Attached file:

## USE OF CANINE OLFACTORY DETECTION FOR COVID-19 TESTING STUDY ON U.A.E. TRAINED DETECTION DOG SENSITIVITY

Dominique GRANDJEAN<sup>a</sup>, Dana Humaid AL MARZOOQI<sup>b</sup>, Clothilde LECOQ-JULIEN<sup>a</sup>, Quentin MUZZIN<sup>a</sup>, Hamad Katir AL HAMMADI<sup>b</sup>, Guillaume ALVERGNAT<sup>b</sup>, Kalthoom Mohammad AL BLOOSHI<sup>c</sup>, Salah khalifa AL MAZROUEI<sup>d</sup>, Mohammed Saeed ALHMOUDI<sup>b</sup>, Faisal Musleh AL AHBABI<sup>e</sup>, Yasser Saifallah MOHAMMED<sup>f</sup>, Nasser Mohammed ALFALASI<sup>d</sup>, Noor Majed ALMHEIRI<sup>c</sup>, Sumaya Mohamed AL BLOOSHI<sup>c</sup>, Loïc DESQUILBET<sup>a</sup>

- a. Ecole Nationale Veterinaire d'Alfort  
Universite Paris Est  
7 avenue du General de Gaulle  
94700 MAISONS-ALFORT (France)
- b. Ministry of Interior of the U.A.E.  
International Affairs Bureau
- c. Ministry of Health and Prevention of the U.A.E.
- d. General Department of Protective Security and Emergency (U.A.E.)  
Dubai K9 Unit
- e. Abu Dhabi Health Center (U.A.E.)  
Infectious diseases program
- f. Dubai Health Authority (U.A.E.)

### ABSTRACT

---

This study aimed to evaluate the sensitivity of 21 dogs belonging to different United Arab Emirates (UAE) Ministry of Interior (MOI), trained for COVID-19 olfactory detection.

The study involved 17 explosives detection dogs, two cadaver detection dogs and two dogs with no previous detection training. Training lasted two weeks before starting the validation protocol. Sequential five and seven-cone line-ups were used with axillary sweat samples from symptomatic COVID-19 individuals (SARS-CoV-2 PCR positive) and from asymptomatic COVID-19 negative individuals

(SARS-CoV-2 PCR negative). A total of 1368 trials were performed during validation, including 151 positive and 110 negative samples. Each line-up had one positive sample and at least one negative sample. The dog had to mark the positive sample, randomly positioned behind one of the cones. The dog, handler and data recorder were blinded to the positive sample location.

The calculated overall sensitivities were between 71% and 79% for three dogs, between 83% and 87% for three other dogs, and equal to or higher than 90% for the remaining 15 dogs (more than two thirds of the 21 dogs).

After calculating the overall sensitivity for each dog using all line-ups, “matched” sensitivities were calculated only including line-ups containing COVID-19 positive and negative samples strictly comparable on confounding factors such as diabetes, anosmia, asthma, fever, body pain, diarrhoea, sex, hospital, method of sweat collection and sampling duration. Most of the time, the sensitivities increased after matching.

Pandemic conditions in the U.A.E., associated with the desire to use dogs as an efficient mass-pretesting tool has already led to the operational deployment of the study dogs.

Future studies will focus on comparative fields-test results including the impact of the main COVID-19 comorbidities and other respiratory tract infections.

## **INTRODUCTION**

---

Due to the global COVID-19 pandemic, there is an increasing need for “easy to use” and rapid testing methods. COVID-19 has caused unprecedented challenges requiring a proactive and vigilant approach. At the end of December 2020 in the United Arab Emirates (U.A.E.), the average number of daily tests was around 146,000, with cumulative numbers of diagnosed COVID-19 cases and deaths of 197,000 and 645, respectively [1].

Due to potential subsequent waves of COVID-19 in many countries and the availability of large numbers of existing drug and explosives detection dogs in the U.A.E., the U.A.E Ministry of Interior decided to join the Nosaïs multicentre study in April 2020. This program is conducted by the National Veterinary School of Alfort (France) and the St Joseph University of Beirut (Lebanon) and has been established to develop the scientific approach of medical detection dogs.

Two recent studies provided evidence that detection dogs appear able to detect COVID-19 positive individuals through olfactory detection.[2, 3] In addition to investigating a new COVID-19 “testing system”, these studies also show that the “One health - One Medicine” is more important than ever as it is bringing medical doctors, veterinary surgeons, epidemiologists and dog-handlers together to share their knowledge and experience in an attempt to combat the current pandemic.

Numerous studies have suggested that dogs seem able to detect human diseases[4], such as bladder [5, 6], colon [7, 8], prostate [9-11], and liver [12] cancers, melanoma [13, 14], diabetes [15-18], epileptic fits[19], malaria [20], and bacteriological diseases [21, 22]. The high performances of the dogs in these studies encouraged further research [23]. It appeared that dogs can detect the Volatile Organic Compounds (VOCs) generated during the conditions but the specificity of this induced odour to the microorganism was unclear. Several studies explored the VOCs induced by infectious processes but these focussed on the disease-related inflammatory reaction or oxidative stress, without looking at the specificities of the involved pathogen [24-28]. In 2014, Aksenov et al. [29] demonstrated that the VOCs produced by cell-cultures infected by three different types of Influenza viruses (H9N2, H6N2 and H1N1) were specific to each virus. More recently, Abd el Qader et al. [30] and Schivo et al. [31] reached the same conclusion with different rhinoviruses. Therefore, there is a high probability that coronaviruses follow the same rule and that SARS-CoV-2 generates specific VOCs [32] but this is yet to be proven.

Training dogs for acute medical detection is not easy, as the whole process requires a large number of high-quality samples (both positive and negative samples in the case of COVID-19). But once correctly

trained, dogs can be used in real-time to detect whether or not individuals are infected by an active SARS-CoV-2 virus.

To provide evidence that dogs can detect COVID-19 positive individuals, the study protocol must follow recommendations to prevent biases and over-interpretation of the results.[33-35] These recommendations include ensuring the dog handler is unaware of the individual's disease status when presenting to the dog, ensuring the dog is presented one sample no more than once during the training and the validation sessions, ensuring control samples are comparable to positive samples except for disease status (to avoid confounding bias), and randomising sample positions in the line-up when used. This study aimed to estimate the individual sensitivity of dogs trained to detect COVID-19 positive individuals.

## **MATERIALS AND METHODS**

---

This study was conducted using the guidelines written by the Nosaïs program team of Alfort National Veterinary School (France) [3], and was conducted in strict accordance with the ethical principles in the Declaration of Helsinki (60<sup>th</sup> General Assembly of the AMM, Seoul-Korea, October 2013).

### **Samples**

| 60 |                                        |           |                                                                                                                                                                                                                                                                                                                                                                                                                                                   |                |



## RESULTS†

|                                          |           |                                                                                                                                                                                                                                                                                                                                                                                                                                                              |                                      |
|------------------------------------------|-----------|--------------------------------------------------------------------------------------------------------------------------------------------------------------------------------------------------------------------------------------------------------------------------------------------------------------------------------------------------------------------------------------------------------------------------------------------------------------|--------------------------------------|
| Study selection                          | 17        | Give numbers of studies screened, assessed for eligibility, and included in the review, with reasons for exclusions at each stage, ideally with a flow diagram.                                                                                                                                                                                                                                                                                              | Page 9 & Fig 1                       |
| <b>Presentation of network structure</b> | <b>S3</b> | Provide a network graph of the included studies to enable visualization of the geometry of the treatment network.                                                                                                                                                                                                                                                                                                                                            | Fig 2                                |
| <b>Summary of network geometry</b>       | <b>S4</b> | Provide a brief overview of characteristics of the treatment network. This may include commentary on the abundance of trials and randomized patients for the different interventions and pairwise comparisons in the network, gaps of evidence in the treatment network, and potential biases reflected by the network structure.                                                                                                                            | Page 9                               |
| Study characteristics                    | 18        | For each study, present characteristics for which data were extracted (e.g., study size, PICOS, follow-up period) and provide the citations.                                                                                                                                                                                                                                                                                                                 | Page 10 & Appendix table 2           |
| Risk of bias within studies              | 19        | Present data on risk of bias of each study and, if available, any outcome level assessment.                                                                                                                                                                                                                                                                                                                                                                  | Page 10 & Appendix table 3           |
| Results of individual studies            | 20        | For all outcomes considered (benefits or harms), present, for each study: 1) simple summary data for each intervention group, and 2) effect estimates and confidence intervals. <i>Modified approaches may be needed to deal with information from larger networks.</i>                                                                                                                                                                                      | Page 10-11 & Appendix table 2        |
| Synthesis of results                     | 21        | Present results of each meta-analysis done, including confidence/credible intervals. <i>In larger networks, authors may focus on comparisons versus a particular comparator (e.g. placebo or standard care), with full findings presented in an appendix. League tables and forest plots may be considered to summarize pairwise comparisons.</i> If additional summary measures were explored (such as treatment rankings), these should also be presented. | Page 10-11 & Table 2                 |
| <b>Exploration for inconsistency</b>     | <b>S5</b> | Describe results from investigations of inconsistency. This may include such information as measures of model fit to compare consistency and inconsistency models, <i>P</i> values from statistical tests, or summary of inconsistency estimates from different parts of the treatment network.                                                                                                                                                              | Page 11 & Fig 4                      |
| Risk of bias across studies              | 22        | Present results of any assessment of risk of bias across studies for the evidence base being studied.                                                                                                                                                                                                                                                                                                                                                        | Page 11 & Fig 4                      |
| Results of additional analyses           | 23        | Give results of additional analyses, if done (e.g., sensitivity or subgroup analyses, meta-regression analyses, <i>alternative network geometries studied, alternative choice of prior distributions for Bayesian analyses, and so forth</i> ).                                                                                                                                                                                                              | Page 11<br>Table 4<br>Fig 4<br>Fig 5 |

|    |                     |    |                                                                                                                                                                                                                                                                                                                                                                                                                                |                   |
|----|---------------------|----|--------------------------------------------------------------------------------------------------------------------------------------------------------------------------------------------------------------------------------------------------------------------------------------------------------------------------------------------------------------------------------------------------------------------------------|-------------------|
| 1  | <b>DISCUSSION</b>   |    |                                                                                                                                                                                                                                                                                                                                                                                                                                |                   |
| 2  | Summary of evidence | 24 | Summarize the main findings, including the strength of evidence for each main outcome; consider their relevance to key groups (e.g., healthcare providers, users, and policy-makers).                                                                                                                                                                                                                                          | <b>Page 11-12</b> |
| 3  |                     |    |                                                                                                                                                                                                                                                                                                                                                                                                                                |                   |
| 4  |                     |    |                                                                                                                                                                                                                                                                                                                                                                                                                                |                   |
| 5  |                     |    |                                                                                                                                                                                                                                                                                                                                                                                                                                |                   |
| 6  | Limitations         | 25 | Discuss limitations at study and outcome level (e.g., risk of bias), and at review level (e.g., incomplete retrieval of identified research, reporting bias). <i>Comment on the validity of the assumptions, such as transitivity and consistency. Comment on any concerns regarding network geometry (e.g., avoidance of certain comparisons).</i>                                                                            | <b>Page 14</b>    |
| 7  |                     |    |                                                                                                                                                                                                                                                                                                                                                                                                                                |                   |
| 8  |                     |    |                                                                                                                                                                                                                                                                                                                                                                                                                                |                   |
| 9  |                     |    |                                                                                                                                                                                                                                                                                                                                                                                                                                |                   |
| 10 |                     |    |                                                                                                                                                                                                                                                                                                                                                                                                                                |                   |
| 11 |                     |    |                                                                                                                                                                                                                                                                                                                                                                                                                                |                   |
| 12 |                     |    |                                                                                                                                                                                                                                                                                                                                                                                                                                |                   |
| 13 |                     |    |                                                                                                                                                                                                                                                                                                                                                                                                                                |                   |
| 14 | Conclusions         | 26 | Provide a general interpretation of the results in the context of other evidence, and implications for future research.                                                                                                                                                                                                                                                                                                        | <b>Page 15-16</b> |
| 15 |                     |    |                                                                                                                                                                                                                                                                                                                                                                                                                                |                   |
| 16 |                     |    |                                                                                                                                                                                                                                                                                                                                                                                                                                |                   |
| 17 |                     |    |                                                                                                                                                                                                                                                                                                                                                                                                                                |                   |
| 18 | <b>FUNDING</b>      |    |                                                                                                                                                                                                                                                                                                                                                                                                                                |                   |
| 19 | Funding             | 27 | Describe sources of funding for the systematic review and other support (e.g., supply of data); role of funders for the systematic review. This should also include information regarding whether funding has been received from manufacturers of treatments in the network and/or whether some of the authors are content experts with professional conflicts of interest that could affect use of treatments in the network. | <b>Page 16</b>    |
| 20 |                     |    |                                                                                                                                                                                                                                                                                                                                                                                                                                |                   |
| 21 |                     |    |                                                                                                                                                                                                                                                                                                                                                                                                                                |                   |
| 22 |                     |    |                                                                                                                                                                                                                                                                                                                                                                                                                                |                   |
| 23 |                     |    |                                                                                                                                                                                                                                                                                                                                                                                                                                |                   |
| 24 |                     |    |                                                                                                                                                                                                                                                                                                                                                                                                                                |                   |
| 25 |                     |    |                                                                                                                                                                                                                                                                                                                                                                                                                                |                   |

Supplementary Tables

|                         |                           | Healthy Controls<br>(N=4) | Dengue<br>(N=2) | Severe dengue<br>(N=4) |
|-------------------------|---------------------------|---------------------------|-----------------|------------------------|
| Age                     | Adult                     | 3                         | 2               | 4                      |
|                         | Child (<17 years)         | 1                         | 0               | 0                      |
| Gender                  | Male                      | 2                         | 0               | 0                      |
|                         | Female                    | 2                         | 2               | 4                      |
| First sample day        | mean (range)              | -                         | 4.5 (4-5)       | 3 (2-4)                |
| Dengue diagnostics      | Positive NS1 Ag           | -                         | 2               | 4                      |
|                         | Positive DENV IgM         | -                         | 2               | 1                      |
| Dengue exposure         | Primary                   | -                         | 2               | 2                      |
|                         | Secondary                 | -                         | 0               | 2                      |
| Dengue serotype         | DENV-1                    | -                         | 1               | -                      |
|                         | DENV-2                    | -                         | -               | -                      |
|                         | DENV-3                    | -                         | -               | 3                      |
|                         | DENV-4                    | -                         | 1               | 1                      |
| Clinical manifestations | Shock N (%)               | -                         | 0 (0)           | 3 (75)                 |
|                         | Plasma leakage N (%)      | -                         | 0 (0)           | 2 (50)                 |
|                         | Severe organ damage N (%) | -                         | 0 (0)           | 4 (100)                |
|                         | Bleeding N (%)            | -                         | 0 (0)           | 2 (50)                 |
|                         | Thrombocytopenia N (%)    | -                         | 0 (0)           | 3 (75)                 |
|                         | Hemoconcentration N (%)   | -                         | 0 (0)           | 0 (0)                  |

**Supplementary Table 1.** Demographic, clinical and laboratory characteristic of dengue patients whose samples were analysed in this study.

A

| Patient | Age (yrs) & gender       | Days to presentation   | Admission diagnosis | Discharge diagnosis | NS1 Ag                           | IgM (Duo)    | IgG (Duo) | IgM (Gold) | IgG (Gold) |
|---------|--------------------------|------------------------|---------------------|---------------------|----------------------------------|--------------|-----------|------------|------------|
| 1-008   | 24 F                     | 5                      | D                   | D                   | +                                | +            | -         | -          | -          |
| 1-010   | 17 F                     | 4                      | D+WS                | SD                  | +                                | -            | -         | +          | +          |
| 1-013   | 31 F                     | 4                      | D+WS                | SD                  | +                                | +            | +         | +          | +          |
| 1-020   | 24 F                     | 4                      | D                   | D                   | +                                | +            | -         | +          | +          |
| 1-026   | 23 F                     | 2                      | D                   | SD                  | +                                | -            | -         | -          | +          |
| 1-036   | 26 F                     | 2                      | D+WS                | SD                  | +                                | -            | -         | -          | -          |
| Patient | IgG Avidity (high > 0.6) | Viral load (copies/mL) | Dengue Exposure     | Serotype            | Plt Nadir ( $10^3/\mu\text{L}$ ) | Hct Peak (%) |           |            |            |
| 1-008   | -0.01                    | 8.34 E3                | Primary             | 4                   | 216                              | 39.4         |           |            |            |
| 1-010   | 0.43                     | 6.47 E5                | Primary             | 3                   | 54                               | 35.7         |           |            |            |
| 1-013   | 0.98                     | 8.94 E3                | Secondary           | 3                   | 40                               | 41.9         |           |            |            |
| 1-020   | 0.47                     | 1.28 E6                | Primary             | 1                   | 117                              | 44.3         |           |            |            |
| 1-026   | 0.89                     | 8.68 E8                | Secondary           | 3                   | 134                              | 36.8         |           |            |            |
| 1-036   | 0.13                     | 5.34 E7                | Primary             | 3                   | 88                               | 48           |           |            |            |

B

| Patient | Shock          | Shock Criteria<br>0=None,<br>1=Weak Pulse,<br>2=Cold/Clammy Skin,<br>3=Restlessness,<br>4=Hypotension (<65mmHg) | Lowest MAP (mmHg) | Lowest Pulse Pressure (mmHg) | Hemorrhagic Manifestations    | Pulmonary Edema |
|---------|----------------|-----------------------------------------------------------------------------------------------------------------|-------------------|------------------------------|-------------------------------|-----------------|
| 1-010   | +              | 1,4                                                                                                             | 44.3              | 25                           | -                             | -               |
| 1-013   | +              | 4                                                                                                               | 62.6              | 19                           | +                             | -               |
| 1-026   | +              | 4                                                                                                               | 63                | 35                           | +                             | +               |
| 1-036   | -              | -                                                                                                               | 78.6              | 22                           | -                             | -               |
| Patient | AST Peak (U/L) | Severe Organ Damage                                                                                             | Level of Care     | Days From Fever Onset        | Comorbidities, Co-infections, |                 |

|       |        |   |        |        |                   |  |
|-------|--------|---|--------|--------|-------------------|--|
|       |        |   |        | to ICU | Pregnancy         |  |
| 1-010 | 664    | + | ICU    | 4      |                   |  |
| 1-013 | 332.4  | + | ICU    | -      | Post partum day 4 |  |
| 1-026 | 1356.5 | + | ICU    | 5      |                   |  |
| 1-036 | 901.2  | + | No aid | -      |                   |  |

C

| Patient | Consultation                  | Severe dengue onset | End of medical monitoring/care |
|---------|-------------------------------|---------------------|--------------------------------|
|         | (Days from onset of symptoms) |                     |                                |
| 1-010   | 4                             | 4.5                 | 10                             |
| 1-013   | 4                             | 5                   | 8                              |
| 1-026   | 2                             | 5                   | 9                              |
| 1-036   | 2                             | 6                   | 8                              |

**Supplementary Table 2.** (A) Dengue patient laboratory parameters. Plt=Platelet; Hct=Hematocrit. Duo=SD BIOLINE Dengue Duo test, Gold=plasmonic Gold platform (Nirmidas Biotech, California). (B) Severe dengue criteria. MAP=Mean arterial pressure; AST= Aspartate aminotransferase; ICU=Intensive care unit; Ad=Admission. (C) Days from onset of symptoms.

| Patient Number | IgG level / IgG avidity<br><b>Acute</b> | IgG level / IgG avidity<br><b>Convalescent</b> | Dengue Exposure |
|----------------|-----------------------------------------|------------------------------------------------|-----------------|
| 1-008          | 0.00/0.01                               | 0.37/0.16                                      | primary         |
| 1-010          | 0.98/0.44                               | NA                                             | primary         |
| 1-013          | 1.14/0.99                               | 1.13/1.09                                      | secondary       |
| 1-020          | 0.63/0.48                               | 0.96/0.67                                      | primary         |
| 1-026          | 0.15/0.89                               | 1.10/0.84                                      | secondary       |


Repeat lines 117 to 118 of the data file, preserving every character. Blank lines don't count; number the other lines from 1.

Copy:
B

| Patient | Shock          | Shock Criteria<br>0=None,<br>1=Weak Pulse,<br>2=Cold/Clammy Skin,<br>3=Restlessness,<br>4=Hypotension (<65mmHg) | Lowest MAP (mmHg) | Lowest Pulse Pressure (mmHg) | Hemorrhagic Manifestations    | Pulmonary Edema |